The Captiva mid-sized five- or seven-seater lobbed in the mid Noughties as Holden’s solution for a must-have large-ish SUV. It was GM/H response to Ford’s home-spun Territory and a replacement for the mixed-bag Commodore wagon-based Adventra and the imported Captiva couldn’t have more different in every way.
Its story is, erm, complicated. And can be a bit of a minefield for the casual used-tyre-kicker.
The Captiva was sourced from GM Korea, aka the former Daewoo. Well, both of them. See, the regular Captiva was a rebadged Chevrolet of the same model name, whereas the high-end Captiva MaXX version was instead based on an Opel Antara. Different vehicles, then, albeit with technical similarities in platform and with powertrains.
At its 2006 launch, there were three grades – SX, CX and LX – of regular Captiva, price between $36k and $42k. The Opel based (slightly shorter) MaXX range-topper was $43k. Despite the South Korean source, all version used an Aussie-made 169kW/297Nm 3.2 petrol V6 backed by a five-speed auto and on-demand all-wheel drive. To confuse matters (more), the SX and MaXX were five-seaters, the middle-rung variants offering seven…
For MY08, a 2.0-litre turbodiesel four outputting 110kW/320Nm lobbed and could had with a five- speed manual in base SX trim ($35k) as well as the staple automatic elsewhere in the range.
From mid-2008, you could also get the oiler SX in front-wheel drive. Right around here the Captiva story gets muddier. Holden axes the MaXX flagship, though it returns in spirit in late 2009 as the Captiva 5 (for five seats). And with the new name is fresh power by way of a new 103kW/220Nm 2.4-litre four-cylinder engine, with manual/auto and FWD/AWD options, kicking off as low as $28k.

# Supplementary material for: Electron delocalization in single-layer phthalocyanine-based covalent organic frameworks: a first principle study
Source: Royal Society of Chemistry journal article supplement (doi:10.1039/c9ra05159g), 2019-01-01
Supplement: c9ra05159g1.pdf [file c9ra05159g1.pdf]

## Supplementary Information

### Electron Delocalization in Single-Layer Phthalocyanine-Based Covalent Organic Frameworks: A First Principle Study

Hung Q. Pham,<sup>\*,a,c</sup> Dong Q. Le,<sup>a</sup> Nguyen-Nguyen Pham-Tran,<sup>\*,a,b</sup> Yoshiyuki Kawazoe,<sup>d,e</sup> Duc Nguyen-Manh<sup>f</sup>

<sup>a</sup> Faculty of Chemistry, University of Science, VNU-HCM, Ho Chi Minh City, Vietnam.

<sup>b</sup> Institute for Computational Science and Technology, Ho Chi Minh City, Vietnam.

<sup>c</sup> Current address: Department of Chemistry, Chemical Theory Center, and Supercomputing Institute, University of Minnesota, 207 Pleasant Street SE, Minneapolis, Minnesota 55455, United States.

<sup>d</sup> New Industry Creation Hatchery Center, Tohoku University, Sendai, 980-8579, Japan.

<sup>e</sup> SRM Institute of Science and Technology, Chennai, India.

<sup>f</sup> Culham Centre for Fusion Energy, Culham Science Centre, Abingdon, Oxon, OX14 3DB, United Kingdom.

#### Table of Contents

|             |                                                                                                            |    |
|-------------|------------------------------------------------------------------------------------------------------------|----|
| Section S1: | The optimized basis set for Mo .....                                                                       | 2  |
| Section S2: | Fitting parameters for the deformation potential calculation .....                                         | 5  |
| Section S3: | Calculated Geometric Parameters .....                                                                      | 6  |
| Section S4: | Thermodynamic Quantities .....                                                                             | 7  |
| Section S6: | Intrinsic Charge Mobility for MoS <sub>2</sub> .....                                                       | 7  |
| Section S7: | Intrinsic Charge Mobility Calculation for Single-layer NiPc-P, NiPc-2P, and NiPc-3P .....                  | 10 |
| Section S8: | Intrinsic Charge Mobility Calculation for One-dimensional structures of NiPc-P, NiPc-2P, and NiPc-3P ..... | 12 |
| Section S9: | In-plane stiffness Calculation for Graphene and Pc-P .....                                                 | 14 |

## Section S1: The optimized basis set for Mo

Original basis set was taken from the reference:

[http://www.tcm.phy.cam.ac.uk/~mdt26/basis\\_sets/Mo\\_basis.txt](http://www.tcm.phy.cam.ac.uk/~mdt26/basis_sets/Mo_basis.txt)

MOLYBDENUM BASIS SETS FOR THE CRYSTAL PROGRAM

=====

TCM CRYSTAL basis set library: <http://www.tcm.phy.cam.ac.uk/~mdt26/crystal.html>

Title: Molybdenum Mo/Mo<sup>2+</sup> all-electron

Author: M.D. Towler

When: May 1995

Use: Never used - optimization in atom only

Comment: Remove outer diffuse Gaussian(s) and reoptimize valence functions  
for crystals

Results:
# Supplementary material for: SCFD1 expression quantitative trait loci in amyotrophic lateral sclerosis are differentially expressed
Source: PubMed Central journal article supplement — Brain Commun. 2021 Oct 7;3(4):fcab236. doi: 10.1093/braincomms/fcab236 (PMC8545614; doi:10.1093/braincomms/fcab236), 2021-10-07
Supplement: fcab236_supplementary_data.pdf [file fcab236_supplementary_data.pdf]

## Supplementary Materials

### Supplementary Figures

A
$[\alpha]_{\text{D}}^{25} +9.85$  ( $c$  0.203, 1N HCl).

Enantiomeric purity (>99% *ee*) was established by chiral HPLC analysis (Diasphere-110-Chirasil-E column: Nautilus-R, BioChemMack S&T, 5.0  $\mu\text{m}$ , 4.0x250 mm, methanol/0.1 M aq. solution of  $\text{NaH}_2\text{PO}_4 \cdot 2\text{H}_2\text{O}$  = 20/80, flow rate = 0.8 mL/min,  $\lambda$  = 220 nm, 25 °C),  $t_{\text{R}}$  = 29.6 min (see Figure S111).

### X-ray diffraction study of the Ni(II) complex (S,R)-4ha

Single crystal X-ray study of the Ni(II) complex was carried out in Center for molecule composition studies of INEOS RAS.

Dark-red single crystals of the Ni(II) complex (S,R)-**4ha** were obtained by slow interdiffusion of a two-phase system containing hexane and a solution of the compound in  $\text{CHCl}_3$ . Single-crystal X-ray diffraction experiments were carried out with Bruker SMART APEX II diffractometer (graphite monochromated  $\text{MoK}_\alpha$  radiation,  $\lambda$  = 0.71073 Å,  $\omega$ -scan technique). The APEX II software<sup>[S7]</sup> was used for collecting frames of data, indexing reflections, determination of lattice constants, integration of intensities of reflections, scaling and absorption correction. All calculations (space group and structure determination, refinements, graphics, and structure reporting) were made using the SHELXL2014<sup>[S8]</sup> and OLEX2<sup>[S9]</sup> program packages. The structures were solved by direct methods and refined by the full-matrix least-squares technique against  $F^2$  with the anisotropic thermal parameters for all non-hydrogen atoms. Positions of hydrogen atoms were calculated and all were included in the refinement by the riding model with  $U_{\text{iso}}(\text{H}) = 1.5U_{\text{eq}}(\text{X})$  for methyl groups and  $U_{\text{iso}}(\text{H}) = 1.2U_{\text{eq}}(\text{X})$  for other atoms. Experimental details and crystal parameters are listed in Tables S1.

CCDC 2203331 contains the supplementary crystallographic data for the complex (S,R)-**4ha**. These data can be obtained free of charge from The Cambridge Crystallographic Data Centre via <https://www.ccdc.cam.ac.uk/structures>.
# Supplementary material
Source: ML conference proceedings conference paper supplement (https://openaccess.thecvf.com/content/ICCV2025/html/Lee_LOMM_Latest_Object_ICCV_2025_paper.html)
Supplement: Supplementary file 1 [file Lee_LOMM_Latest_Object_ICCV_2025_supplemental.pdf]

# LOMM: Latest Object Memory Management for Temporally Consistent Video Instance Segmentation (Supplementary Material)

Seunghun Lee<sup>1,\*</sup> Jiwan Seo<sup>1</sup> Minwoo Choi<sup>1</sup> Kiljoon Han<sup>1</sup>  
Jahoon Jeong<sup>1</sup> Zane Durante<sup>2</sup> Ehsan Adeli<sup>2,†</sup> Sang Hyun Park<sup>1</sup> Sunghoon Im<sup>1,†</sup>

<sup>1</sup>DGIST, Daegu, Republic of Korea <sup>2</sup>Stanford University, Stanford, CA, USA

From here, the ‘5’ sits along the renamed Captiva 7 (for…you get the idea) carrying over the petrol-V6 and diesel-four motivation as the higher-spec versions that nudge up to a $45k plateau. At least Holden kept the SX, CX and LX variant structure for familiar continuity.
Then the Series II facelift arrived in 2011 and the whole shebang copped another shake-up. The Captiva 5’s petrol 2.4 was upped to 123kW/230Nm as a front driver only (from $28k), but soon enough a more powerful 135kW/400Nm 2.2L diesel ‘5’ joined the fray ($34k) with a six-speed auto.
Meanwhile, the now (77mm) longer Series II Captiva 7 could be had with a new, Aussie-made, Commodore-shared 3.0-litre petrol V6 good for 190kW/288Nm. You could also get the new 2.2 oiler in the ‘7’, with both engines backed by a six-speed auto and AWD.
Just to ensure everyone was paying attention, Holden went and adopted (mid-spec) LT and (flagship) LTZ naming in 2015 – both seven seaters – while the familiar LS could be had with five or (optional) seven pews.
Digging down into features and options throughout Captiva’s dozen-year lifecycle is too exhaustive for here. But in a nutshell, Holden’s large-ish family hauler never really hit critical heights in its segment and was renown, fairly or not, for patchy quality and questionable reliability.
Holden would axed the Captiva 5 in 2016, the nameplate living on for a couple of years – as just Captiva, no ‘7’ – until the then seven-seat-only model was replaced by Equinox in 2018.